A credit card reader comparison guide
There are almost as many ways to receive credit card payments at your business as there are credit card payments to be made, and there are multiple alternatives when it comes to the credit card machines or systems used to accept the payments that you receive. How you receive credit card payments is a function of a number of things including: how your business operates, how your customers buy and pay, and other goals you have for your business, e.g. enhancing data security, preventing more fraud, or increasing the types of payments you can receive. Here's a quick look at some of the devices, and payment systems used most to receive credit card payments.
Swipe machines have been the most common terminal to receive credit card payments for years. These devices are driven by the magnetic stripe, or mag stripe, on the back of cards. The advent of chip cards and chip card technology, however, make swipe machines a less likely road for your business to follow. Magnetic stripe data is subject to fraudulent use by card criminals if that data is stolen through breach or if the physical card is stolen. Stopping the use of fraudulent card data at the point-of-sale is the principal driver behind EMV.
EMV cards are chip cards. EMV terminals can read the chips on the cards, which are processed differently than mag stripe cards. A chip card is "dipped" or inserted into a terminal that can read the card. EMV terminals contain a slot, like an ATM's card reader, into which the customer card is inserted. Long accepted in Europe, the rollout of EMV in the United States is fully underway. Chip cards and EMV acceptance are designed to help you keep from accepting fraudulent credit cards in-store. Many of chip card-ready terminals also include near field communication technology, NFC, which is the technology that powers certain mobile wallet payments such as Android Pay and Apple Pay. Best of all, no additional fees are passed off to the merchant if they decide to accept NFC payments processing.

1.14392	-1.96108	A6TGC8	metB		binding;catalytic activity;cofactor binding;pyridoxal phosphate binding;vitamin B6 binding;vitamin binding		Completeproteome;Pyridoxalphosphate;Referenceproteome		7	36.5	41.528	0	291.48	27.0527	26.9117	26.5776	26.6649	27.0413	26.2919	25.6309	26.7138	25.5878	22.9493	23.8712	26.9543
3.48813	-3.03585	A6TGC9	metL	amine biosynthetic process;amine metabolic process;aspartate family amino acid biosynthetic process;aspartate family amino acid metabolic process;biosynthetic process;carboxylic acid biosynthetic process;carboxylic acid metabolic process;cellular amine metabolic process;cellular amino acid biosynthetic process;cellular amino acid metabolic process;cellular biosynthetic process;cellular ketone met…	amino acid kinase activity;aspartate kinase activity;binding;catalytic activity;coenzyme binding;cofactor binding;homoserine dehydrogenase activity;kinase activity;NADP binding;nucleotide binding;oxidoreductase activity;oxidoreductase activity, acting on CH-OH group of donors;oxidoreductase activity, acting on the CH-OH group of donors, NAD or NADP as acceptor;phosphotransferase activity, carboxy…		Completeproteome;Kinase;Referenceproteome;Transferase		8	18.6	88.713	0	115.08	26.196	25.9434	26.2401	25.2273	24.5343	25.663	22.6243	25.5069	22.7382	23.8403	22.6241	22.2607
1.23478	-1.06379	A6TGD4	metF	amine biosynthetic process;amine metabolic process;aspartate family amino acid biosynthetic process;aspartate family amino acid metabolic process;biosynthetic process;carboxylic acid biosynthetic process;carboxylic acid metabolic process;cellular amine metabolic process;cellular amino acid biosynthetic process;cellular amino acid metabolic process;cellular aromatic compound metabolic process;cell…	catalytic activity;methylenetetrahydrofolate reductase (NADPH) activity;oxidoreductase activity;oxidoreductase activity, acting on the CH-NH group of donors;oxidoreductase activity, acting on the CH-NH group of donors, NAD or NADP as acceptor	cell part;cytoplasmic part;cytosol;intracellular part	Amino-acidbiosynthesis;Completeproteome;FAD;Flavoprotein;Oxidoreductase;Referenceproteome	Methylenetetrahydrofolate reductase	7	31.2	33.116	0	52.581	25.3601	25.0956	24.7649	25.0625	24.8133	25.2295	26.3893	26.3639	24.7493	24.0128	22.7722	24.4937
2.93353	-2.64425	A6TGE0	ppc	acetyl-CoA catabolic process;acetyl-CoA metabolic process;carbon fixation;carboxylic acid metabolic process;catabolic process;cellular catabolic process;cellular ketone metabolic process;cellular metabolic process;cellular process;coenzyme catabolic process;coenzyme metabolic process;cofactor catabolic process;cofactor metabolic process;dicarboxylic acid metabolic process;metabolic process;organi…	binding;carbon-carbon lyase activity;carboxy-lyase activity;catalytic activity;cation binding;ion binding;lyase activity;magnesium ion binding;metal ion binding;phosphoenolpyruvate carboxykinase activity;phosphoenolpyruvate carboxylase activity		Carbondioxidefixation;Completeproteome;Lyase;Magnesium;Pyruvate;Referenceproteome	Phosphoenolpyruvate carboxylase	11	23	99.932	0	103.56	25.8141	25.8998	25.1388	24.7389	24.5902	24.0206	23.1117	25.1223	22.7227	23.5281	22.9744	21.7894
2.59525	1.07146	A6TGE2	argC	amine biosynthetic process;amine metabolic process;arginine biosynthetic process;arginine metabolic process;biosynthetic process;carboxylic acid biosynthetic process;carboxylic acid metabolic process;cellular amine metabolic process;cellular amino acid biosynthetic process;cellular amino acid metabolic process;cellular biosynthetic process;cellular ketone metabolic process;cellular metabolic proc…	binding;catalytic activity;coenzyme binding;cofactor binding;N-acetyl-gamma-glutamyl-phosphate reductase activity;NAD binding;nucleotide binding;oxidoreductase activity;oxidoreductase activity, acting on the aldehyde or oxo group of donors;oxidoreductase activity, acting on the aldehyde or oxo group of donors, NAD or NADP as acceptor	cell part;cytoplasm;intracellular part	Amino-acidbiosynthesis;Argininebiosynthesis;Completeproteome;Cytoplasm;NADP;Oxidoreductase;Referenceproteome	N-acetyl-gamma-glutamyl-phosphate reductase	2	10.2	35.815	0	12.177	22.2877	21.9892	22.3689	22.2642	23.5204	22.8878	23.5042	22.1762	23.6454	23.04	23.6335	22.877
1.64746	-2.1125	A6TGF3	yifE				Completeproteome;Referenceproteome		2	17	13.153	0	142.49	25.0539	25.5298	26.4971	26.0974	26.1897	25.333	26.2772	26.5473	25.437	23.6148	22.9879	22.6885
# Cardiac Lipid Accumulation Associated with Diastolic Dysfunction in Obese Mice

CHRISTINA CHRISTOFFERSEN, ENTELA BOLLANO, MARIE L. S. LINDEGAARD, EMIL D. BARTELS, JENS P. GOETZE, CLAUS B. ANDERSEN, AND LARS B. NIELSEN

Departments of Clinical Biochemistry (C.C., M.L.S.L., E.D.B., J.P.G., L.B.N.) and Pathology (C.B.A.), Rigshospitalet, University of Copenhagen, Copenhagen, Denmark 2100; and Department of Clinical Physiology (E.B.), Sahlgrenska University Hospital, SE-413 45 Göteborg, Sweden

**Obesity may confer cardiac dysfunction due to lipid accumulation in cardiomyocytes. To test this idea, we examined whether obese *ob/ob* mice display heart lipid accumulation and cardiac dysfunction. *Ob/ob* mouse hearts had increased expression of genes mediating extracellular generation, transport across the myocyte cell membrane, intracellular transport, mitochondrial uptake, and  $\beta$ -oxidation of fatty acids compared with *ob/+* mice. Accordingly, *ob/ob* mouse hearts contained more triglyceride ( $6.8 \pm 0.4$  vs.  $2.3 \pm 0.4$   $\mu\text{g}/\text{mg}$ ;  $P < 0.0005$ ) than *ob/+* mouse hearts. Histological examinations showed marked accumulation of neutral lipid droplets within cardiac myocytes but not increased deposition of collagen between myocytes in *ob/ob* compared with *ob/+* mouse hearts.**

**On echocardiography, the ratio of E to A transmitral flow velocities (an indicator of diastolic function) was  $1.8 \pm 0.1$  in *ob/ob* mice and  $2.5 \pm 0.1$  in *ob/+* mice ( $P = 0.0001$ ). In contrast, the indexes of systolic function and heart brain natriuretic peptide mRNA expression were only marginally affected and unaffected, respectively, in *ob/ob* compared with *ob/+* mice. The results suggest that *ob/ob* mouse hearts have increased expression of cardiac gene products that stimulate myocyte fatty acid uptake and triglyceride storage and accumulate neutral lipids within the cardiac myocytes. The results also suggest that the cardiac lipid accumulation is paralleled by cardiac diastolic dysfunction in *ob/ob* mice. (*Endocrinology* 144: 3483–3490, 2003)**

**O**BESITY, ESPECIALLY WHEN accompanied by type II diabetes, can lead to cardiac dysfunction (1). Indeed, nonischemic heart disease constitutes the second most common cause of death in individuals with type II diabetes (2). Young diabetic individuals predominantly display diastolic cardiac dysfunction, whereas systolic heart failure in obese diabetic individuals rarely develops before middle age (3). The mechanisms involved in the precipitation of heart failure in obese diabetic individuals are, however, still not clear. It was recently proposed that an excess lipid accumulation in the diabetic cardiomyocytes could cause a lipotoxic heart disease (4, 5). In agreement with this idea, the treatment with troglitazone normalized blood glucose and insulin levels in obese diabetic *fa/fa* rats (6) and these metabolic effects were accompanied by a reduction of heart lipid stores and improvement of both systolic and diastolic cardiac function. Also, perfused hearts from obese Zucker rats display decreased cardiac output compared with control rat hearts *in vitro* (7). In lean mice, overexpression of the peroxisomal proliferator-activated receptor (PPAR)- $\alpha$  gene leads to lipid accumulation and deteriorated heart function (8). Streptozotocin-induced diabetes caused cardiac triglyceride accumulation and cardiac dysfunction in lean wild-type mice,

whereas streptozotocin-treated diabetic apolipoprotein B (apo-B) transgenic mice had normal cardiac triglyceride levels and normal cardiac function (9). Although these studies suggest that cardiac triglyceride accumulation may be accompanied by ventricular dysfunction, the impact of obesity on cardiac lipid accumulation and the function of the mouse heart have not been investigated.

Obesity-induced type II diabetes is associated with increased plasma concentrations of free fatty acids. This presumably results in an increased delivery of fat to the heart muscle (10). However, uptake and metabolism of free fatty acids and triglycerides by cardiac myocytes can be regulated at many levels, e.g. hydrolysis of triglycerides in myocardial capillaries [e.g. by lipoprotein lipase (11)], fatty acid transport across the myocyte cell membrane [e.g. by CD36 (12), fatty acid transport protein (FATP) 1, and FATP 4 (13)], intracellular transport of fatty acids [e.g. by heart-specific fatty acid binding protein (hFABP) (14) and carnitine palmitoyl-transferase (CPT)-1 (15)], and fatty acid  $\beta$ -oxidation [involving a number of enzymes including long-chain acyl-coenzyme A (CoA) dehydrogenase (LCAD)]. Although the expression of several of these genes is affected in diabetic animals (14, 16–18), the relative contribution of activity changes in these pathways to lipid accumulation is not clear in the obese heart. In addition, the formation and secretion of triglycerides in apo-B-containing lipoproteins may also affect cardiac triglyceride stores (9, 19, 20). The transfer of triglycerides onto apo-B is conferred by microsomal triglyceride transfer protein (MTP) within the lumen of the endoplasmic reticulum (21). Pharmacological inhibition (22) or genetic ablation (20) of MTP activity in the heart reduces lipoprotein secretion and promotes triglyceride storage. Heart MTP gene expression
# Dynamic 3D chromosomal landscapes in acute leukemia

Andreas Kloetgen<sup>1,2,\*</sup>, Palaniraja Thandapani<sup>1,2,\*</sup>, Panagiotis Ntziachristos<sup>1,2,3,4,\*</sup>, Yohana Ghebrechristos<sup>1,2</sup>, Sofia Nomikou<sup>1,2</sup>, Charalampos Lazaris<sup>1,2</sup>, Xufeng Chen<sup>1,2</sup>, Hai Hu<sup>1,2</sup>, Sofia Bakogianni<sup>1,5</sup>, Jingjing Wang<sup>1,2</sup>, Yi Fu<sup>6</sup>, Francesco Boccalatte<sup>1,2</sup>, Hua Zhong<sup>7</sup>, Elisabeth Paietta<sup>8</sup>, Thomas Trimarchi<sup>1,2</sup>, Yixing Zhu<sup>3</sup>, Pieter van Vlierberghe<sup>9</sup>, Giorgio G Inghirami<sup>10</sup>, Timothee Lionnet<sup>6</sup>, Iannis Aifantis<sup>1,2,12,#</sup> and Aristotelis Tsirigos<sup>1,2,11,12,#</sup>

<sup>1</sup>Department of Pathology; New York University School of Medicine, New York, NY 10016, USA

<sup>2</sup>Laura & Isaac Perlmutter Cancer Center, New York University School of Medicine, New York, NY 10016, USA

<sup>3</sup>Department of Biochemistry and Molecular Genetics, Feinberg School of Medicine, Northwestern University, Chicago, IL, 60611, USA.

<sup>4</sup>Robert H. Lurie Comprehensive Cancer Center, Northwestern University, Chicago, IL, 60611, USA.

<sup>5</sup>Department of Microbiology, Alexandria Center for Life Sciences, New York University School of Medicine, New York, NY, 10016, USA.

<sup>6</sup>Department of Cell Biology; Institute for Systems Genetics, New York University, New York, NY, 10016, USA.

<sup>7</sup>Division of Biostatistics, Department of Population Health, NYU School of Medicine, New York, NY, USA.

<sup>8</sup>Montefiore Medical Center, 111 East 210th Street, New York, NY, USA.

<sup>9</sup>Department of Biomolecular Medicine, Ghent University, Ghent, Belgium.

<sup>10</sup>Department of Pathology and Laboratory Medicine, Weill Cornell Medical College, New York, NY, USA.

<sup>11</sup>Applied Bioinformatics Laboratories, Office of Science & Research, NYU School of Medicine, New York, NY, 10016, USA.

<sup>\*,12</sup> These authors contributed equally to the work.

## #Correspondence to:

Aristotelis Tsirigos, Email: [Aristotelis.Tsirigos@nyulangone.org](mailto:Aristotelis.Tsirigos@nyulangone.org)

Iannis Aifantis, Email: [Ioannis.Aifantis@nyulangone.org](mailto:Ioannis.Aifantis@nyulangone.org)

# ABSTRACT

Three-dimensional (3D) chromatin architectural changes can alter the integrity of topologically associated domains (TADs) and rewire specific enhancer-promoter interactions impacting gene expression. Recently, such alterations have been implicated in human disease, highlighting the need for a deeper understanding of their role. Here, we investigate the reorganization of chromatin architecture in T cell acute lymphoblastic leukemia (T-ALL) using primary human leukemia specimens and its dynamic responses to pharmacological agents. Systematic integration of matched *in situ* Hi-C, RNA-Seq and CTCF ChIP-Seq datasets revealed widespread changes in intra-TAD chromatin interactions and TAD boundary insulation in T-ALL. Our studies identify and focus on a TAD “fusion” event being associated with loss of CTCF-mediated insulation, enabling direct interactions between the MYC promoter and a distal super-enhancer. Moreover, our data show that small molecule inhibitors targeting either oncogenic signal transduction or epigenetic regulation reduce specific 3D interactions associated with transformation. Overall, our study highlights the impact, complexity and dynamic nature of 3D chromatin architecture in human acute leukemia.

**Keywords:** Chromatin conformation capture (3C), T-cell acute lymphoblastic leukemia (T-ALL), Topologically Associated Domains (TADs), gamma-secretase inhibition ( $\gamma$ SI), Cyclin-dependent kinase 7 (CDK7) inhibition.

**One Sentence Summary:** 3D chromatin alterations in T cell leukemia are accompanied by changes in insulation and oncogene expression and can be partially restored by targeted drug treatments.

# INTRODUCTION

Should you consider upgrading to EMV terminals? Absolutely, if for nothing other than avoidance of fraud liability. As of October 1, 2015, liability for fraud at the point of sale shifts largely in the direction of merchants, whether they're small or big. The shift occurs across the card brands and generally places liability for point-of-sale fraud on the weakest link in the chip card equation. That means, if a merchant does not supply an EMV terminal, they eat the fraud chargeback. Read more on the path to EMV in Vantiv's piece, EMV made easier for SMB—a study guide.
A so-called virtual terminal can turn basically any internet-connected device into one capable of processing payments. First used with mail-in and telephone orders (think infomercials), virtual terminals have also become popular for web stores and any business where orders often come in to a fulfillment center. They allow a business to pick, pack, ship and process. Today, virtual terminal configurations can come with the security and fraud layers (think tokenization) that work to keep card data safe. For many businesses, based on their specific needs, virtual terminals are a cost-effective – and cost avoidance – solution when compared to typical hardware and software configurations.
First introduced in specialty retail niches like restaurants, the point of sale (POS) system has emerged over the last few decades as the desired way to receive credit card payments for many. Retail segments and businesses that desire or require significant integration with other systems, such as order management and inventory management, have looked to POS systems as their solve to receive credit card payments. More and more, POS systems are specialized by industry verticals, providing software to manage the unique needs of a range of business types from the dentist office, to the property manager, and the bistro down the street. Today's POS systems typically provide for a range of payment acceptance needs, including mobile wallets. Most importantly, these systems and the software that run them are generally fully or semi-integrated with payment processing solutions. That means, one or more payment processing systems are baked right into the system, allowing you to select your processor easily.
As you consider options on the devices you'll use to receive credit card payments, think first and foremost about customer and business needs. The configurations available to you and the costs, should match your specific needs. When in doubt, ask.